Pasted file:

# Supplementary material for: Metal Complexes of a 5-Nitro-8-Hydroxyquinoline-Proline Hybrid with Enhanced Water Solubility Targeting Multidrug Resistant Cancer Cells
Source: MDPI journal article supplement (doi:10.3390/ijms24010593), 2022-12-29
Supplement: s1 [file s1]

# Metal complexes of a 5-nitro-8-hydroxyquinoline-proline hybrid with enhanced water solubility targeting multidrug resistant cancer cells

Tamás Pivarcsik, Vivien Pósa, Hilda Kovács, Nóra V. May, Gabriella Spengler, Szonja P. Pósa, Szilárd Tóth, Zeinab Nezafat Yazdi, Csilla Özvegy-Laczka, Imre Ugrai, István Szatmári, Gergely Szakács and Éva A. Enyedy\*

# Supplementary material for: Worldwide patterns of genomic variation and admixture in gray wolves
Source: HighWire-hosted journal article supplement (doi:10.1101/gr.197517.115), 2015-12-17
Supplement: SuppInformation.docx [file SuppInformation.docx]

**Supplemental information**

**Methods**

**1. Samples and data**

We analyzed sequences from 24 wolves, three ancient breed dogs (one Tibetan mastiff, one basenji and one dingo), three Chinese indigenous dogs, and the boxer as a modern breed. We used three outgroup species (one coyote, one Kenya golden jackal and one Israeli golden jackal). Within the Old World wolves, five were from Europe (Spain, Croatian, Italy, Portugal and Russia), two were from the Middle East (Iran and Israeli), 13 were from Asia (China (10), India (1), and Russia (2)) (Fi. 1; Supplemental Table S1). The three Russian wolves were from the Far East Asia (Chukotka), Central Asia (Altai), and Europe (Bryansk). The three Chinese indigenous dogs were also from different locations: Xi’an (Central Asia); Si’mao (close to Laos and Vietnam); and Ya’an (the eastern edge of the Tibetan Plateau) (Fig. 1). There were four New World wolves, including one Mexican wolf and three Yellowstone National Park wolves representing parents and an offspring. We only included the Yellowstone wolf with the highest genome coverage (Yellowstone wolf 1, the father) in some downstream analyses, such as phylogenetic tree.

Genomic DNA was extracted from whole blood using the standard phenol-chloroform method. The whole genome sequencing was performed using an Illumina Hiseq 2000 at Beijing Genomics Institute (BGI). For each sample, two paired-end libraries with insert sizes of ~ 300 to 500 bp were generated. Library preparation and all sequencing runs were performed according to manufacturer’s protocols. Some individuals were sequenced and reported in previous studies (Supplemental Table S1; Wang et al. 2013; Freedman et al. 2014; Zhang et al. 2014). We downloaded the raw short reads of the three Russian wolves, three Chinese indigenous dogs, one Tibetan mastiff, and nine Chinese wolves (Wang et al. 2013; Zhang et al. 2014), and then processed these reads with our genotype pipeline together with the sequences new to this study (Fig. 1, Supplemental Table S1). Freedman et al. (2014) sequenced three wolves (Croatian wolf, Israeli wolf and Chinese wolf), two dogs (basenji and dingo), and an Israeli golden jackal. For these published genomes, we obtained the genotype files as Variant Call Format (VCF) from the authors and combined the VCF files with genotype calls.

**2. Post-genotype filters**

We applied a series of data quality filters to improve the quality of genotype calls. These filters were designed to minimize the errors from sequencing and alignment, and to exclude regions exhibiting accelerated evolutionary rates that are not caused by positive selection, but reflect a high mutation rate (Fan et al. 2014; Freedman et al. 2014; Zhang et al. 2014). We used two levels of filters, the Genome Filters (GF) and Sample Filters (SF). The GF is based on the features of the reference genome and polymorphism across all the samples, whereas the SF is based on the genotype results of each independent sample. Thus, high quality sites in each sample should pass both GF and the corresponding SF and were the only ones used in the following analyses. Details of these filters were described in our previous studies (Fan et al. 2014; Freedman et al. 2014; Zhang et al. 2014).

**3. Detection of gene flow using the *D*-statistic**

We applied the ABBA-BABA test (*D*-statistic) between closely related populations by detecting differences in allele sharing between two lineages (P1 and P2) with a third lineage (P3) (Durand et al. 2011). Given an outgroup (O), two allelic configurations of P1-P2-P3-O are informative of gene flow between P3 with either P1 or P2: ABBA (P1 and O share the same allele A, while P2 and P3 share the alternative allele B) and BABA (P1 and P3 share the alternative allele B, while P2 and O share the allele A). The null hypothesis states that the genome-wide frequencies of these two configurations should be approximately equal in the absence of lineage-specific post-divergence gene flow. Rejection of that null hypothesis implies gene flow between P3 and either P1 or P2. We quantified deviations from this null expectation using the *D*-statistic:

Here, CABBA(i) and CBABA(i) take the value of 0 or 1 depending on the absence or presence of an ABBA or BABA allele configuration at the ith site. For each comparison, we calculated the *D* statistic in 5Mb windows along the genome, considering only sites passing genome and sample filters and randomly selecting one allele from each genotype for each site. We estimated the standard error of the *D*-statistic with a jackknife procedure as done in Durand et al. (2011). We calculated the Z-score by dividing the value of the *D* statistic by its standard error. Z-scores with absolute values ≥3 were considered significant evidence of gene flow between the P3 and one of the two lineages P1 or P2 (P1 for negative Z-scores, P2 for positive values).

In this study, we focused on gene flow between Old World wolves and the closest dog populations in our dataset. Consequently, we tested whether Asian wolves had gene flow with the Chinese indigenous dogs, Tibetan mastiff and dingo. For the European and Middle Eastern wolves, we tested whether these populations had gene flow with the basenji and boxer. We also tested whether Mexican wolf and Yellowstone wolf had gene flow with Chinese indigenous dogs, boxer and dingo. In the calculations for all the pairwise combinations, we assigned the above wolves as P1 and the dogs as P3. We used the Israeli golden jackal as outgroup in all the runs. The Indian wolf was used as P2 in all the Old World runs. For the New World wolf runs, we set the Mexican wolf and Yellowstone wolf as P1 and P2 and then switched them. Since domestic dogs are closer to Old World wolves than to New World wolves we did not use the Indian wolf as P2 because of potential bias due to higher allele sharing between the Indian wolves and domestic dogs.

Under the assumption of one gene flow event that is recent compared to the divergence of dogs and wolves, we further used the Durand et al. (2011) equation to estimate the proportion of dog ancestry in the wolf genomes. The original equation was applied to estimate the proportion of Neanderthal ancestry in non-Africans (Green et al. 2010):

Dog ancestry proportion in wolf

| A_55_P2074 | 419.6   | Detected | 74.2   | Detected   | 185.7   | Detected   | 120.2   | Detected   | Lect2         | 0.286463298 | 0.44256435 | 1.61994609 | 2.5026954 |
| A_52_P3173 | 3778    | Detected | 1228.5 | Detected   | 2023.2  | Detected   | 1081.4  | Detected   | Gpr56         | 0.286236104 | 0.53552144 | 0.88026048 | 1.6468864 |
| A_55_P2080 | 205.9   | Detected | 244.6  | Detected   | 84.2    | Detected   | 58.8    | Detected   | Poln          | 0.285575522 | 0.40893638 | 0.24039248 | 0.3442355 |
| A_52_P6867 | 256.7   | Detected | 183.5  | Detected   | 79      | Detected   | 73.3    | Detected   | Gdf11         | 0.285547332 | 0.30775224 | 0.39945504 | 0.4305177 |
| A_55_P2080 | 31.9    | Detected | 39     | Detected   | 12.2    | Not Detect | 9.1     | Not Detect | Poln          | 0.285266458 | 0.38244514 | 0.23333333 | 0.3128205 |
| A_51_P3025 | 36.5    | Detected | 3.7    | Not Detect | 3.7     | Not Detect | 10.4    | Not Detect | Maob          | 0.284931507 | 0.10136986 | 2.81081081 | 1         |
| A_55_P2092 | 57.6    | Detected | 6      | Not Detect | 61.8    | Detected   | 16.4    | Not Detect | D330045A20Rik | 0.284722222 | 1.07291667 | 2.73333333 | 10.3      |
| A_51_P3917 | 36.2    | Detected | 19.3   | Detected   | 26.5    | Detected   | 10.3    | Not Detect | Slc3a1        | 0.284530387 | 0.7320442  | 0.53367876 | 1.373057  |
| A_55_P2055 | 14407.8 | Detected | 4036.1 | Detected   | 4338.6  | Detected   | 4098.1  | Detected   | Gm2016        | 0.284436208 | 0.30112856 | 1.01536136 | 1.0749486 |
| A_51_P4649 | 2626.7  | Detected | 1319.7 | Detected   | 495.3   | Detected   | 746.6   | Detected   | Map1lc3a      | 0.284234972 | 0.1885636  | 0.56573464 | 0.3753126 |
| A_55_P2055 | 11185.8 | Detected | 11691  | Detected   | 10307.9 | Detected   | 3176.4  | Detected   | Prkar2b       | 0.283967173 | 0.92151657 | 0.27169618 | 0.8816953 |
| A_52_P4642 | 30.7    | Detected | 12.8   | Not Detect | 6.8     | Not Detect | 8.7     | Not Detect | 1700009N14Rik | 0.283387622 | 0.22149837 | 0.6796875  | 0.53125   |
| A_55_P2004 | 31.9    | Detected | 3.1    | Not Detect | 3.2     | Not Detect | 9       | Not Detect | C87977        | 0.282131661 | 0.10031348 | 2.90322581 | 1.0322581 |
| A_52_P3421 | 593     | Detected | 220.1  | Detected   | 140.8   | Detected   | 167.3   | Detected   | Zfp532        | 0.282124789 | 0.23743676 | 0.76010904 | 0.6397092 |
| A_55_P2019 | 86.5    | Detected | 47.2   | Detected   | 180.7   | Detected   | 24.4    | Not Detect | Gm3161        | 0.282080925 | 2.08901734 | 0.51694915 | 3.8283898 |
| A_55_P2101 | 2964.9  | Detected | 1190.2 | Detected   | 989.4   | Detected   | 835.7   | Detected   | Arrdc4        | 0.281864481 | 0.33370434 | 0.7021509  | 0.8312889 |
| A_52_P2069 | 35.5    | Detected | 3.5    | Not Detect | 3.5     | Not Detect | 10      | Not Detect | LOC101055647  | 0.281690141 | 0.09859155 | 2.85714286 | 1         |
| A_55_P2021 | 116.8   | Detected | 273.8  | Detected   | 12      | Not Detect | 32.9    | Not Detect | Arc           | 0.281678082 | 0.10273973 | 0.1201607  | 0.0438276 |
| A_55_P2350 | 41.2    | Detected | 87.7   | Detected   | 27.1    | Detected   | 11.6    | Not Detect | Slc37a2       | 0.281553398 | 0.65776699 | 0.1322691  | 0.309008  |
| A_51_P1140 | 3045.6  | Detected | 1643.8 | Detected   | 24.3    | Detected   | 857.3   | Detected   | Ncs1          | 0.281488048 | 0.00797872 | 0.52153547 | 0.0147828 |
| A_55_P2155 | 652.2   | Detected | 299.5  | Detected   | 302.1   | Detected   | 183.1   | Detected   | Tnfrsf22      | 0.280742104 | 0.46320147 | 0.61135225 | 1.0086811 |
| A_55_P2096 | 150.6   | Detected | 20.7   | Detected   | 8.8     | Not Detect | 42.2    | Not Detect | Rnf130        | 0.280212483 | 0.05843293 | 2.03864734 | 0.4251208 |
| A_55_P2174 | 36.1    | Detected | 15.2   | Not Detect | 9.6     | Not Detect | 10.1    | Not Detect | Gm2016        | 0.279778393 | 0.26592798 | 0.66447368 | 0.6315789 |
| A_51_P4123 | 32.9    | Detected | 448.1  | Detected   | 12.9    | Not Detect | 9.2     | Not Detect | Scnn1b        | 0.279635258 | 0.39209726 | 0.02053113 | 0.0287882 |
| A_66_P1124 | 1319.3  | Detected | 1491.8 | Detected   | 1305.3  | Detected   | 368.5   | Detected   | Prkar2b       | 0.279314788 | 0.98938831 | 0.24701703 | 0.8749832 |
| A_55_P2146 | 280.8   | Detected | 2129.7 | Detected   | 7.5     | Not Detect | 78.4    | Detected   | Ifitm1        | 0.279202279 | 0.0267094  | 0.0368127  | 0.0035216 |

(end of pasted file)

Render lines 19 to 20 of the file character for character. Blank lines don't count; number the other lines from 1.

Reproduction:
In this study, we focused on gene flow between Old World wolves and the closest dog populations in our dataset. Consequently, we tested whether Asian wolves had gene flow with the Chinese indigenous dogs, Tibetan mastiff and dingo. For the European and Middle Eastern wolves, we tested whether these populations had gene flow with the basenji and boxer. We also tested whether Mexican wolf and Yellowstone wolf had gene flow with Chinese indigenous dogs, boxer and dingo. In the calculations for all the pairwise combinations, we assigned the above wolves as P1 and the dogs as P3. We used the Israeli golden jackal as outgroup in all the runs. The Indian wolf was used as P2 in all the Old World runs. For the New World wolf runs, we set the Mexican wolf and Yellowstone wolf as P1 and P2 and then switched them. Since domestic dogs are closer to Old World wolves than to New World wolves we did not use the Indian wolf as P2 because of potential bias due to higher allele sharing between the Indian wolves and domestic dogs.

Under the assumption of one gene flow event that is recent compared to the divergence of dogs and wolves, we further used the Durand et al. (2011) equation to estimate the proportion of dog ancestry in the wolf genomes. The original equation was applied to estimate the proportion of Neanderthal ancestry in non-Africans (Green et al. 2010):